Sen. Boozman optimistic federal budget drama won’t jeopardize pilot training center

by Michael Tilley ([email protected]) 641 views 

U.S. Sen. John Boozman, R-Ark., speaks Thursday (Oct. 12) during the Fort Smith Regional Chamber of Commerce annual banquet.

U.S. Sen. John Boozman, R-Ark., said the inability of Congress to agree on a federal budget could delay some funds for the foreign pilot training center in Fort Smith, but said the center is secure even if funding problems emerge.

Ebbing Air National Guard Base, home to the 188th Wing in Fort Smith and co-located with the Fort Smith Regional Airport, was selected in March by the U.S. Air Force to be the long-term pilot training center supporting F-16 and F-35 fighter planes purchased by Singapore, Switzerland, Poland, Germany, Finland and other countries participating in the Foreign Military Sales (FMS) program. Initial estimates are that 1,500 military personnel and family members will be associated with the new center once it is fully operational.

U.S. Air Force officials have said the earliest planes and pilots from foreign nations could arrive at Ebbing would be in late 2024, part of the military’s fiscal year 2025 beginning in September 2024. The full complement of 12 F-16s and 24 F-35s from various nations could arrive in fiscal year 2026 at the earliest. It has been estimated that the full cost to create an operational foreign pilot training center will range between $700 million and $800 million.

Boozman was able to secure $28 million for center design and planning, and $187 million has been approved – although not all is yet available – for fiscal year 2024 center funding. Ensuring no delays in funding – especially with the U.S. House not having a Speaker – will be a challenge, Boozman admitted.

“It’s very important in the sense that we don’t want the timeline slipping. … Because we’ve got pretty tight timelines, and if we don’t have the money, we can’t go forward,” he said in an interview with Talk Business & Politics after speaking Thursday (Oct. 12) at the Fort Smith Regional Chamber of Commerce banquet. “I’m confident we’ll get this (federal budget) done in the next few months.”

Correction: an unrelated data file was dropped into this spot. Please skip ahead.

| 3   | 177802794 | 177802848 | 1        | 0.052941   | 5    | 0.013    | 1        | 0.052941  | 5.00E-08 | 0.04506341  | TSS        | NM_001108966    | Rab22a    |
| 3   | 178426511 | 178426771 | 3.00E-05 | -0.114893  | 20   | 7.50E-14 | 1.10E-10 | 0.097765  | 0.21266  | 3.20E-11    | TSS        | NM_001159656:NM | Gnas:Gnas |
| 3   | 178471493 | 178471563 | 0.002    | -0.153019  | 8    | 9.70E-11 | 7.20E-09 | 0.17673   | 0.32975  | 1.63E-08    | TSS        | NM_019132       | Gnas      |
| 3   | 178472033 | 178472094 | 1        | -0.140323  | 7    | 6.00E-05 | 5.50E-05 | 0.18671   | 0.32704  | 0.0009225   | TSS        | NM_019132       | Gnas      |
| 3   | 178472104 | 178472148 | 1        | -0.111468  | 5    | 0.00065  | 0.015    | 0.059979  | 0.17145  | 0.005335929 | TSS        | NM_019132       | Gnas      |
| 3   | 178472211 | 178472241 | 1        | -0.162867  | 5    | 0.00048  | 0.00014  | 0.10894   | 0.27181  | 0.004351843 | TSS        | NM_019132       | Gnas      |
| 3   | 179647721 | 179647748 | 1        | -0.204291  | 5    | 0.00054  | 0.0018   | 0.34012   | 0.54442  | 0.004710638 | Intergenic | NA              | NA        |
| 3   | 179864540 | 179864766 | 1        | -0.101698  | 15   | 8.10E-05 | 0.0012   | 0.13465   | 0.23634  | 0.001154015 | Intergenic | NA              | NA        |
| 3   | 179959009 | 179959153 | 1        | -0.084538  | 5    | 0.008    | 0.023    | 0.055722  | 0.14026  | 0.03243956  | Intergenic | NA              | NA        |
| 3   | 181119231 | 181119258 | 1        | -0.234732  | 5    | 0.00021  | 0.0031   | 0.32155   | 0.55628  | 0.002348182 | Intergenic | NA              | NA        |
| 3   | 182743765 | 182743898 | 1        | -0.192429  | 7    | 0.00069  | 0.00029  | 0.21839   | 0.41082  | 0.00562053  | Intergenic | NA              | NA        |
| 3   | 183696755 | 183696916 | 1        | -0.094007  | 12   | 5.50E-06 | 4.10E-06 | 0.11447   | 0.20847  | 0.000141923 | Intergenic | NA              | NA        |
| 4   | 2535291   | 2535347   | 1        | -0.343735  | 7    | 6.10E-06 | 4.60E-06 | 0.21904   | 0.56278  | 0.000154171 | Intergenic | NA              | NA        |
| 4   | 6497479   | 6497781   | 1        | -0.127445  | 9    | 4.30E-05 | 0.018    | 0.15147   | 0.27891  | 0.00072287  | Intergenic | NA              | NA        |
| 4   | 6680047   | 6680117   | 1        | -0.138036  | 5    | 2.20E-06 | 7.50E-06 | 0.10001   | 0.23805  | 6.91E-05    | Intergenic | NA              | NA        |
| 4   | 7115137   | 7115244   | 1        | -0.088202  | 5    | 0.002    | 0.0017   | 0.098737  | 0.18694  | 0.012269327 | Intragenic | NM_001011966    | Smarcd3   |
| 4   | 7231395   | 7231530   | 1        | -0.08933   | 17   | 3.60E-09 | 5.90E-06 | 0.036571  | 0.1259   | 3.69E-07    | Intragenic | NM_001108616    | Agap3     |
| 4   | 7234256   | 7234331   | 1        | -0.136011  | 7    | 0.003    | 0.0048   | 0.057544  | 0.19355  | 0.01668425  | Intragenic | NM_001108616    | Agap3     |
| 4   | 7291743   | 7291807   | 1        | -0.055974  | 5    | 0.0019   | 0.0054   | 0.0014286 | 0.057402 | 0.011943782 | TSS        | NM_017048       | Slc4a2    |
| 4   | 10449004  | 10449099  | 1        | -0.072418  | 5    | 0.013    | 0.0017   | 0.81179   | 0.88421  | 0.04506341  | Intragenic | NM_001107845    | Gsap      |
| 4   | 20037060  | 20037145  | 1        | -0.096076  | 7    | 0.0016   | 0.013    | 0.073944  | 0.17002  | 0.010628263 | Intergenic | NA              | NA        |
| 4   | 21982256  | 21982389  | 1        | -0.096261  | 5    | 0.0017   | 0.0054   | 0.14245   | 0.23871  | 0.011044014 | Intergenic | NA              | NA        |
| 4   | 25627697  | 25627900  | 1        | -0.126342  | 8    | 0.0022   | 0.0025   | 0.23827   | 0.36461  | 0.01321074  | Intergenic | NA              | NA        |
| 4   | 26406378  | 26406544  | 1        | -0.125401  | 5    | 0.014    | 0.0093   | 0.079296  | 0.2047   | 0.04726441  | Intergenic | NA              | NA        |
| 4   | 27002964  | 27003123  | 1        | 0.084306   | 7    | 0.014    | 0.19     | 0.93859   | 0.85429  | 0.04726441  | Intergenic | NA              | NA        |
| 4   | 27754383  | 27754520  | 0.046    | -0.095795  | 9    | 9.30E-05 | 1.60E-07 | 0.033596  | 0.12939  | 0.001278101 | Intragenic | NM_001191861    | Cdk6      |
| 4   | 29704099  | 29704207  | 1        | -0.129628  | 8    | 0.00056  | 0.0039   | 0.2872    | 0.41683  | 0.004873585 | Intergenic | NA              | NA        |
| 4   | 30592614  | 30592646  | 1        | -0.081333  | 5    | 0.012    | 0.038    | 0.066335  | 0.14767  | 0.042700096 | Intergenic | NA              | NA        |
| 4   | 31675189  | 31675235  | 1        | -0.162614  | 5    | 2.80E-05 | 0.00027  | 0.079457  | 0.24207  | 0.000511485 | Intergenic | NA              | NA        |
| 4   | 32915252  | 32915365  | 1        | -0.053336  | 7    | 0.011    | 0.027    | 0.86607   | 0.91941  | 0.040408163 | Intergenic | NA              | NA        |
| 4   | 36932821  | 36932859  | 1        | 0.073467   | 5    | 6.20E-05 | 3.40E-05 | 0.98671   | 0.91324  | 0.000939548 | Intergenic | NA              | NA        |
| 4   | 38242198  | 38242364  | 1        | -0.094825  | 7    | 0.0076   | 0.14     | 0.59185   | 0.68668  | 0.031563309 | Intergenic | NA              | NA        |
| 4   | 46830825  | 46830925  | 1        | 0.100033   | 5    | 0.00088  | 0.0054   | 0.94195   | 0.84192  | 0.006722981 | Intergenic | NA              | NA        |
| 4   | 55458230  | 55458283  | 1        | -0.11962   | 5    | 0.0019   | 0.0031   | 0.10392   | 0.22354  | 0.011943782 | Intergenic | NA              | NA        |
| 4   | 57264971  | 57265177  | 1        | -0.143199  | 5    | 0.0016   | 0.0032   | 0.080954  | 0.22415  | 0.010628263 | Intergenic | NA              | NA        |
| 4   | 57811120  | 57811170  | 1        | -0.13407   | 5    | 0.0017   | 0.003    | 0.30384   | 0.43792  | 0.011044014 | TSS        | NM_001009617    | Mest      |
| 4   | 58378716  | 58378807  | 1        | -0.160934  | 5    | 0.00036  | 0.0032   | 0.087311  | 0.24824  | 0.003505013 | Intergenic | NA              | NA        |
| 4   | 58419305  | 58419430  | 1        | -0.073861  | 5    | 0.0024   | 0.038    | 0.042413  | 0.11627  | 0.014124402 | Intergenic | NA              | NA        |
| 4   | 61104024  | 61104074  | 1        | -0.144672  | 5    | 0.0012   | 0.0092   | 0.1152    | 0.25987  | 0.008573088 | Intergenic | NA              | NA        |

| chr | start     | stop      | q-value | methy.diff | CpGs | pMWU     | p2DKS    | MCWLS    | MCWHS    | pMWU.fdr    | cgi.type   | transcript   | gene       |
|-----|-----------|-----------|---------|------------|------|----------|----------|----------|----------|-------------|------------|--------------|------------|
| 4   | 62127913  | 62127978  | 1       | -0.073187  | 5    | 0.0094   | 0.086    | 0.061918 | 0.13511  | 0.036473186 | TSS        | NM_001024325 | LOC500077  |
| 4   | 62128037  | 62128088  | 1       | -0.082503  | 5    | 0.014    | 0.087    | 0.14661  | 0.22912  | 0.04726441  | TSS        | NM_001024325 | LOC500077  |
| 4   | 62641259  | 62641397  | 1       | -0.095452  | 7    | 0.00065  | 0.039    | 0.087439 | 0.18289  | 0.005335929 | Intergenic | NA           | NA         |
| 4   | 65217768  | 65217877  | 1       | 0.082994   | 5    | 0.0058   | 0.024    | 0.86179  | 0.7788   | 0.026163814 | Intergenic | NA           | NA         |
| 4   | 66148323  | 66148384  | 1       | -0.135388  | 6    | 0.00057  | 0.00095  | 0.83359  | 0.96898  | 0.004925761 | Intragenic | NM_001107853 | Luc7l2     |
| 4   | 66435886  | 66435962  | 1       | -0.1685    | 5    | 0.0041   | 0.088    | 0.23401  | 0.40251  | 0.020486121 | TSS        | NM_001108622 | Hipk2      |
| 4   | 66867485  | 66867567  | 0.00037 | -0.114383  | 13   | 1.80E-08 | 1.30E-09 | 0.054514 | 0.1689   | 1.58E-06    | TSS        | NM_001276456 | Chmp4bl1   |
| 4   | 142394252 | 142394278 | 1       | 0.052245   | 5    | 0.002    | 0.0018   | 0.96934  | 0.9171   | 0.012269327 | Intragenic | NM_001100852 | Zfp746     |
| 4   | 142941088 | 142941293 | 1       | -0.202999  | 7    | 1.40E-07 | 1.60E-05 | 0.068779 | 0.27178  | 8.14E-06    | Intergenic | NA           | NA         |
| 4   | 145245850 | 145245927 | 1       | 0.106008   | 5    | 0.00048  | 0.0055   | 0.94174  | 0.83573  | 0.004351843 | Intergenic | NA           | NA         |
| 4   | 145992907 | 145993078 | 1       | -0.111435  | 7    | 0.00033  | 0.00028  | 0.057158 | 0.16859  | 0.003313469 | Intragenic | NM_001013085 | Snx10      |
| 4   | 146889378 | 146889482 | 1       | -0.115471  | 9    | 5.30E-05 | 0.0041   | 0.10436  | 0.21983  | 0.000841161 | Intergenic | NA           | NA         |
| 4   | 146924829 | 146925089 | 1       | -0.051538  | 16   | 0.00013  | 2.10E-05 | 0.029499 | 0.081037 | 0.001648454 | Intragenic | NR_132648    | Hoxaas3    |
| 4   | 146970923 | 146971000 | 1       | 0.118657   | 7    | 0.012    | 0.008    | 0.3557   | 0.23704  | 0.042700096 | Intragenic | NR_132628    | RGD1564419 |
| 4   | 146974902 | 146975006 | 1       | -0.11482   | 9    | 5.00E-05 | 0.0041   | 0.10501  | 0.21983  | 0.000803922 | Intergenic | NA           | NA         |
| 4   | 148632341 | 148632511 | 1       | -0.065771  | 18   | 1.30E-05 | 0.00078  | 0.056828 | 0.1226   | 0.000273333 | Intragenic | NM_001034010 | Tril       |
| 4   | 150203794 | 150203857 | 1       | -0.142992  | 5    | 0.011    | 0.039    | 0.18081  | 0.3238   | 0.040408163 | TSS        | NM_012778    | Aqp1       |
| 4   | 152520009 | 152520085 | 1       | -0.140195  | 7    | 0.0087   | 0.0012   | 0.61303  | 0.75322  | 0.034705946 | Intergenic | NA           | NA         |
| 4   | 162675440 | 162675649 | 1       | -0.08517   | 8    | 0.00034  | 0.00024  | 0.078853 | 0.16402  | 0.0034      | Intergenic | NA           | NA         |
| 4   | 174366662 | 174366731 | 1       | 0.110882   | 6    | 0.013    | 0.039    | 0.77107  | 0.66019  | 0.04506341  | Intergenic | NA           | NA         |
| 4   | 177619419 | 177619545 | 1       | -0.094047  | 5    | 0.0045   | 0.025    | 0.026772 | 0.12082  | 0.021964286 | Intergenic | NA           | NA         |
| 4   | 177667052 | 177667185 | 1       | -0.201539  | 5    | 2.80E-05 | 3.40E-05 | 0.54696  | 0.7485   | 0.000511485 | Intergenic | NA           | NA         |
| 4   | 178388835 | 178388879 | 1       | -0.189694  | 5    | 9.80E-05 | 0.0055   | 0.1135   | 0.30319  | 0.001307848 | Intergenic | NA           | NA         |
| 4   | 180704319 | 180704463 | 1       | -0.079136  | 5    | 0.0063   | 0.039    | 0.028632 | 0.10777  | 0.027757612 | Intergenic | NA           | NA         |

In his comments to the almost 800 people at the chamber banquet, Boozman praised business and civic leaders for what they did to work with state officials in convincing Singapore officials and the U.S. Air Force to bring the center to Fort Smith. Boozman said the city was not initially a front-runner for the new base.

“That was a David-and-Goliath deal. Kind of like the U.S. Marshals Museum,” he said, referring to the city’s ability in 2007 to convince federal officials to bring the museum – now open – to Fort Smith.

Boozman also announced that a German delegation is set to visit Fort Smith and Ebbing next week.

He also said the recent upgrade of Fort Chaffee has an added benefit in terms of keeping military facilities in the region. The Arkansas National Guard on Sept. 27 announced that the Fort Chaffee Joint Maneuver Training Command is just one of five among more than 150 National Guard training bases in the nation to be rated Level 1 by the U.S. Department of Defense. The 65,000-acre base east of Fort Smith was “identified as a Multi Force Generation Installation-Contingency.” The upgrade from a Level 2 training site is based on maneuver land capacity and range live fire capacity, according to the ANG.

Boozman said the Fort Chaffee upgrade combined with Ebbing’s new mission “makes it much more difficult for” the Department of Defense through the Base Realignment and Closure (BRAC) process to close or reduce operations at the two locations.

Boozman also addressed the attacks on Israel. He said the “horrendous set of events” require the U.S. to stand with Israel, adding that the people of Israel did nothing to deserve the attacks. There have been some groups suggesting that Israel’s treatment of Palestinians in Gaza and the West Bank must be considered when responding to the attacks by Hamas on Israel.

“There is no moral equivalence to that. None,” Boozman said emphatically.

In the interview after the banquet, Boozman said actions by Iran may determine if the U.S. is drawn into a wider conflict in the region.

“I think the wild card is Iran and what they do,” he said. “Right now, the whole world is seeing the price that is being paid for what they did to Israel. I do think the President (Biden) moving significant military assets to that part of the world is a good show of force, and I think everyone understands that we’re committed to the nation of Israel.”